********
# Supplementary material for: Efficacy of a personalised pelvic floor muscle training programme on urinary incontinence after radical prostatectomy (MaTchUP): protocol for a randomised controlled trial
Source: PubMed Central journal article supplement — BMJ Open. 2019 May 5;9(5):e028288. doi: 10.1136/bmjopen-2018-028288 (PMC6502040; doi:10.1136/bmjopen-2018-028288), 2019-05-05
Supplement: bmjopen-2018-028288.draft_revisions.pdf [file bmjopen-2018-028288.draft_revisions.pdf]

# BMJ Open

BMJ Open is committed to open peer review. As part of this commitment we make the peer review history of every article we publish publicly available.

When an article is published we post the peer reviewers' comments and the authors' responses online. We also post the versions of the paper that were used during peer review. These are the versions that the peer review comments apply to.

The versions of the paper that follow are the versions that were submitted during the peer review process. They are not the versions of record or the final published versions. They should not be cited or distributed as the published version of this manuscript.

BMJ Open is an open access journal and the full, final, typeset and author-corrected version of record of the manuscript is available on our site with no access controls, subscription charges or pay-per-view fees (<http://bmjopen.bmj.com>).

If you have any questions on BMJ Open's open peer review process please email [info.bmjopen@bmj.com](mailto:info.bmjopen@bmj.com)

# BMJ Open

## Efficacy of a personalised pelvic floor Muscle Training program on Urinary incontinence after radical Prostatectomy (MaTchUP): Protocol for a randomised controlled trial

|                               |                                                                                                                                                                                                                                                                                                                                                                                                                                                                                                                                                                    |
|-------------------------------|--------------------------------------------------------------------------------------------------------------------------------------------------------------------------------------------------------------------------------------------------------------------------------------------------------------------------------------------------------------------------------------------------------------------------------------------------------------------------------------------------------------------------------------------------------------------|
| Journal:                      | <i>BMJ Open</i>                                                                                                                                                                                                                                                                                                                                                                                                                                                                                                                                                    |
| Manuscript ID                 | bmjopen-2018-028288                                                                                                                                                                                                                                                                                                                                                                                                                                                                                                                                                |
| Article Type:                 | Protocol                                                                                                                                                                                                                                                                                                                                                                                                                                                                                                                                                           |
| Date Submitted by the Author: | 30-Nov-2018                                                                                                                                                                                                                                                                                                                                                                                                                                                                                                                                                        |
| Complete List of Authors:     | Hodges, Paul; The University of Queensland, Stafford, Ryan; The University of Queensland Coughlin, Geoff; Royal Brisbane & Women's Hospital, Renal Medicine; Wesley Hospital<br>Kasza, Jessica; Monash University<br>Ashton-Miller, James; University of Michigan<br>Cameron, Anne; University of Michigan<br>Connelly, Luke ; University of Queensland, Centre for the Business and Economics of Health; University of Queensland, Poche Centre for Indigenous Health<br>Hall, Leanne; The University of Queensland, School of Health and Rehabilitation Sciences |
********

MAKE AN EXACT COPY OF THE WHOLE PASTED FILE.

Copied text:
# Supplementary material for: Efficacy of a personalised pelvic floor muscle training programme on urinary incontinence after radical prostatectomy (MaTchUP): protocol for a randomised controlled trial
Source: PubMed Central journal article supplement — BMJ Open. 2019 May 5;9(5):e028288. doi: 10.1136/bmjopen-2018-028288 (PMC6502040; doi:10.1136/bmjopen-2018-028288), 2019-05-05
Supplement: bmjopen-2018-028288.draft_revisions.pdf [file bmjopen-2018-028288.draft_revisions.pdf]

# BMJ Open

BMJ Open is committed to open peer review. As part of this commitment we make the peer review history of every article we publish publicly available.

When an article is published we post the peer reviewers' comments and the authors' responses online. We also post the versions of the paper that were used during peer review. These are the versions that the peer review comments apply to.

The versions of the paper that follow are the versions that were submitted during the peer review process. They are not the versions of record or the final published versions. They should not be cited or distributed as the published version of this manuscript.

BMJ Open is an open access journal and the full, final, typeset and author-corrected version of record of the manuscript is available on our site with no access controls, subscription charges or pay-per-view fees (<http://bmjopen.bmj.com>).

If you have any questions on BMJ Open's open peer review process please email [info.bmjopen@bmj.com](mailto:info.bmjopen@bmj.com)

# BMJ Open

## Efficacy of a personalised pelvic floor Muscle Training program on Urinary incontinence after radical Prostatectomy (MaTchUP): Protocol for a randomised controlled trial

|                               |                                                                                                                                                                                                                                                                                                                                                                                                                                                                                                                                                                    |
|-------------------------------|--------------------------------------------------------------------------------------------------------------------------------------------------------------------------------------------------------------------------------------------------------------------------------------------------------------------------------------------------------------------------------------------------------------------------------------------------------------------------------------------------------------------------------------------------------------------|
| Journal:                      | <i>BMJ Open</i>                                                                                                                                                                                                                                                                                                                                                                                                                                                                                                                                                    |
| Manuscript ID                 | bmjopen-2018-028288                                                                                                                                                                                                                                                                                                                                                                                                                                                                                                                                                |
| Article Type:                 | Protocol                                                                                                                                                                                                                                                                                                                                                                                                                                                                                                                                                           |
| Date Submitted by the Author: | 30-Nov-2018                                                                                                                                                                                                                                                                                                                                                                                                                                                                                                                                                        |
| Complete List of Authors:     | Hodges, Paul; The University of Queensland, Stafford, Ryan; The University of Queensland Coughlin, Geoff; Royal Brisbane & Women's Hospital, Renal Medicine; Wesley Hospital<br>Kasza, Jessica; Monash University<br>Ashton-Miller, James; University of Michigan<br>Cameron, Anne; University of Michigan<br>Connelly, Luke ; University of Queensland, Centre for the Business and Economics of Health; University of Queensland, Poche Centre for Indigenous Health<br>Hall, Leanne; The University of Queensland, School of Health and Rehabilitation Sciences |